The atmosphere in the high school was calm and friendly despite the serious nature of the event. Chenyu Wang, a volunteer immigration attorney for Asian Pacific Islander Legal Outreach, stood at the entrance of the cafeteria, where lawyers and volunteers had set up tables to provide advice and assist with paperwork. The end of the Obama-era program, he said, “puts a lot of kids back in the position they were before they had DACA, which meant not being able to have a good job, not being able to get many government services. They have to essentially go back to being second-class citizens and even worse.”

It’s already too late for many DACA recipients. “Unfortunately, we’ve been receiving a lot more cases of people coming in who are ineligible, who are outside the deadlines to submit their applications,” said Paulina Moreno, director of programs at the Services, Immigrant Rights and Education Network (SIREN) in San Jose, California. As the renewal deadline looms, the center has been scrambling to provide legal advice to as many people as possible at daily workshops around Santa Clara County. Legal fees have been waived, and the group has secured funds to cover the renewal fee.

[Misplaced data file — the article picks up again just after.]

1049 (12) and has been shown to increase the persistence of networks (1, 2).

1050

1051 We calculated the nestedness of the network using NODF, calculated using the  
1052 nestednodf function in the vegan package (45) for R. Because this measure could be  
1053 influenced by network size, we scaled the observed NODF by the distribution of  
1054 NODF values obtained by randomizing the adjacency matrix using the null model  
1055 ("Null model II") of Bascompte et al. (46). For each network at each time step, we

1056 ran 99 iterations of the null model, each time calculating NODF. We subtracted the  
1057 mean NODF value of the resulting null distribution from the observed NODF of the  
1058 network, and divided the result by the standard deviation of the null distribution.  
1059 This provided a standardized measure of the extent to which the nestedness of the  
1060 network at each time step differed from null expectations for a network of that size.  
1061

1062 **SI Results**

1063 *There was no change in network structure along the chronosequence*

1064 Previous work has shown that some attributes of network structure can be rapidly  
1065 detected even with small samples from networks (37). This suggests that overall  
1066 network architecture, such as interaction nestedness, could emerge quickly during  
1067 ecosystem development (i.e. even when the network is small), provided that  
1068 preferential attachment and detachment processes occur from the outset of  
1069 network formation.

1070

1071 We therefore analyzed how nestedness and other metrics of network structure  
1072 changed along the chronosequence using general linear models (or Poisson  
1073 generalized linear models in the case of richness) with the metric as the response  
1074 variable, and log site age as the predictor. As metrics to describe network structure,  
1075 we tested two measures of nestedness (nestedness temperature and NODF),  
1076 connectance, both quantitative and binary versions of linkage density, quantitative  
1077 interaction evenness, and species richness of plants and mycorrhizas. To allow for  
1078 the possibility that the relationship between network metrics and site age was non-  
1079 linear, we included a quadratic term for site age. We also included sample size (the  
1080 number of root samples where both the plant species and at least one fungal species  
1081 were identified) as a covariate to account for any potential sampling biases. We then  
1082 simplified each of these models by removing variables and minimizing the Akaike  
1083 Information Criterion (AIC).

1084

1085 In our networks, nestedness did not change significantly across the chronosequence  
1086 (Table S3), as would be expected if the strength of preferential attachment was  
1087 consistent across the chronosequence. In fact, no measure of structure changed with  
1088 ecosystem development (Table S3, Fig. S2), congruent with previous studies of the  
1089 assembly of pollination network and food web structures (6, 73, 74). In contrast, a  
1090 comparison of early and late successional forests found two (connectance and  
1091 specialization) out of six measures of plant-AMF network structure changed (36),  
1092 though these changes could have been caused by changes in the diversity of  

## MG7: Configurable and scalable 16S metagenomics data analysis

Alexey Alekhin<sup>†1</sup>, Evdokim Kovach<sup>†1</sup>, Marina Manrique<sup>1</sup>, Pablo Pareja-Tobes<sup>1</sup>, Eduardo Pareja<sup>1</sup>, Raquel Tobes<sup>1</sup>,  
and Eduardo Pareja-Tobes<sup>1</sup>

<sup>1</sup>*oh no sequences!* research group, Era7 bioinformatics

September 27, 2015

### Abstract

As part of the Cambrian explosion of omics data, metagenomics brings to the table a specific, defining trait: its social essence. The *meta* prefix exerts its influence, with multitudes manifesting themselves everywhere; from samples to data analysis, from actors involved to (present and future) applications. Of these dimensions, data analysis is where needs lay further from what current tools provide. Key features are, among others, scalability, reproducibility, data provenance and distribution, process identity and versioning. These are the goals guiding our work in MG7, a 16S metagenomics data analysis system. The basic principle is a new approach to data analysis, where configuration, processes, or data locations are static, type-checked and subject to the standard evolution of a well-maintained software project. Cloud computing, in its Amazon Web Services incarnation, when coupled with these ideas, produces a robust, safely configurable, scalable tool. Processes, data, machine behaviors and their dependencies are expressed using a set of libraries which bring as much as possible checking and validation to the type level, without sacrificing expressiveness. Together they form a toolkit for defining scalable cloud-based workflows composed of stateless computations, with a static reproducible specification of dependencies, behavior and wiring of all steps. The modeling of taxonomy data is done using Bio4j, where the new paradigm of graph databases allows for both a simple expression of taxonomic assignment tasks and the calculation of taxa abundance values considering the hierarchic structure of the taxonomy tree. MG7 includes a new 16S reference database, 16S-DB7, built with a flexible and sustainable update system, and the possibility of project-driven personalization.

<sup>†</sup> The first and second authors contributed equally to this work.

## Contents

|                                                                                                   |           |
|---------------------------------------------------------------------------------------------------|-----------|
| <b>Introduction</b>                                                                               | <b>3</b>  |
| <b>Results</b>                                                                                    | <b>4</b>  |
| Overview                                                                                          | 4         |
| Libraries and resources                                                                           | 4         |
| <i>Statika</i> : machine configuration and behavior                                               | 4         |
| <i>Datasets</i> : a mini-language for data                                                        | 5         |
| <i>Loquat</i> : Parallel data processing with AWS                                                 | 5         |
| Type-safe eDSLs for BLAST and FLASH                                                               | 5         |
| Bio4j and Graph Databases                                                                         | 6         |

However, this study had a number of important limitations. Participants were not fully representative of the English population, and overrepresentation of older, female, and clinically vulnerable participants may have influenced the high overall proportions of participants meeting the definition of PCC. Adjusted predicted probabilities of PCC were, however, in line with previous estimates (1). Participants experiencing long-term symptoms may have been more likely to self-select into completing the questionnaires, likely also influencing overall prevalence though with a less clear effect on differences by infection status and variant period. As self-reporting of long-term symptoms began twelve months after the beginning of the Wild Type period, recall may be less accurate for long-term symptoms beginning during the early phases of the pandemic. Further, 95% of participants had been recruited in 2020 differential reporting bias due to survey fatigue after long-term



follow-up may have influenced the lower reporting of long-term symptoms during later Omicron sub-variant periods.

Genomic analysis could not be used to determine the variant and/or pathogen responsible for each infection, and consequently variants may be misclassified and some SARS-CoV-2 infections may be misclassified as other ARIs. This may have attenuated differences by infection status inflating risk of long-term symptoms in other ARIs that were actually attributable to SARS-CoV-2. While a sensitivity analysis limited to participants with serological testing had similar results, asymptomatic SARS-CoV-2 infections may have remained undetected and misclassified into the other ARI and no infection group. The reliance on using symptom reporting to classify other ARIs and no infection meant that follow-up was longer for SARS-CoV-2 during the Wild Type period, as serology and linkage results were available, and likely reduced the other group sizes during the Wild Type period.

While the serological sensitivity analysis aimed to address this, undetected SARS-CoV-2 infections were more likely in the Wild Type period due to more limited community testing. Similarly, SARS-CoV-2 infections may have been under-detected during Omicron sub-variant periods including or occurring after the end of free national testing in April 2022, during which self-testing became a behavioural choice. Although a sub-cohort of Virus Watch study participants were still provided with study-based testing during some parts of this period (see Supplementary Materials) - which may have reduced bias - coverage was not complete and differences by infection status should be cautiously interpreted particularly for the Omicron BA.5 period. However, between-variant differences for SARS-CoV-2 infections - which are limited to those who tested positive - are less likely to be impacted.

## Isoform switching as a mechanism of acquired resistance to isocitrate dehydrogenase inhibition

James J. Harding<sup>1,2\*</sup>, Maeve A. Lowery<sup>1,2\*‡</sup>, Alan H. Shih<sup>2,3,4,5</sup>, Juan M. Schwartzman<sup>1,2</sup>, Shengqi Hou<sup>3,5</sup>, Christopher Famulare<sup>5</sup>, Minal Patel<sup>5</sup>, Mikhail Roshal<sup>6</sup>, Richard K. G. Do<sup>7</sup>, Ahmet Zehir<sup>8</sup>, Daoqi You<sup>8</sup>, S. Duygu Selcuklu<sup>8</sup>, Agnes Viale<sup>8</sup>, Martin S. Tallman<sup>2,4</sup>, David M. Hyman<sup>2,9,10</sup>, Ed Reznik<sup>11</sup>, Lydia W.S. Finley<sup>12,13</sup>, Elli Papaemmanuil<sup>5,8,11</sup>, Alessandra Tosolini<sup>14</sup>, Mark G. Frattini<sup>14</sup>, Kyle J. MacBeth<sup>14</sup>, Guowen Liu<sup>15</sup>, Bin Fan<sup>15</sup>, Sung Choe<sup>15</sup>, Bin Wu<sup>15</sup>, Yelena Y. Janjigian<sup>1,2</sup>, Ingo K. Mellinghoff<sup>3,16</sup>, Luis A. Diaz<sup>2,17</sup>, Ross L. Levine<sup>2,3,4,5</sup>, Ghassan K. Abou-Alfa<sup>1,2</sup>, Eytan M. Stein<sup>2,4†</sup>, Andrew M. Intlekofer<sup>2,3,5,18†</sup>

One morning last week, 28-year-old Pedro Quintana dropped into SIREN’s offices for a free consultation. He was aware that his DACA work permit expires in May 2018, making him ineligible for the renewal deadline. Quintana has seven months to make a plan before he’s at risk of being deported to Mexico, a country he hasn’t seen in almost 20 years.

Quintana came to the United States from Michoacán, Mexico, with his brother and mother when he was nine. “I keep telling my mom if we hadn’t left I’m pretty sure I’d either be a criminal or I would be dead. Because there’s only two options,” Quintana said. Instead of staying in the shadows, Quintana felt “rebellious,” succeeding in school, graduating college with a degree in kinesiology, and starting a personal fitness company.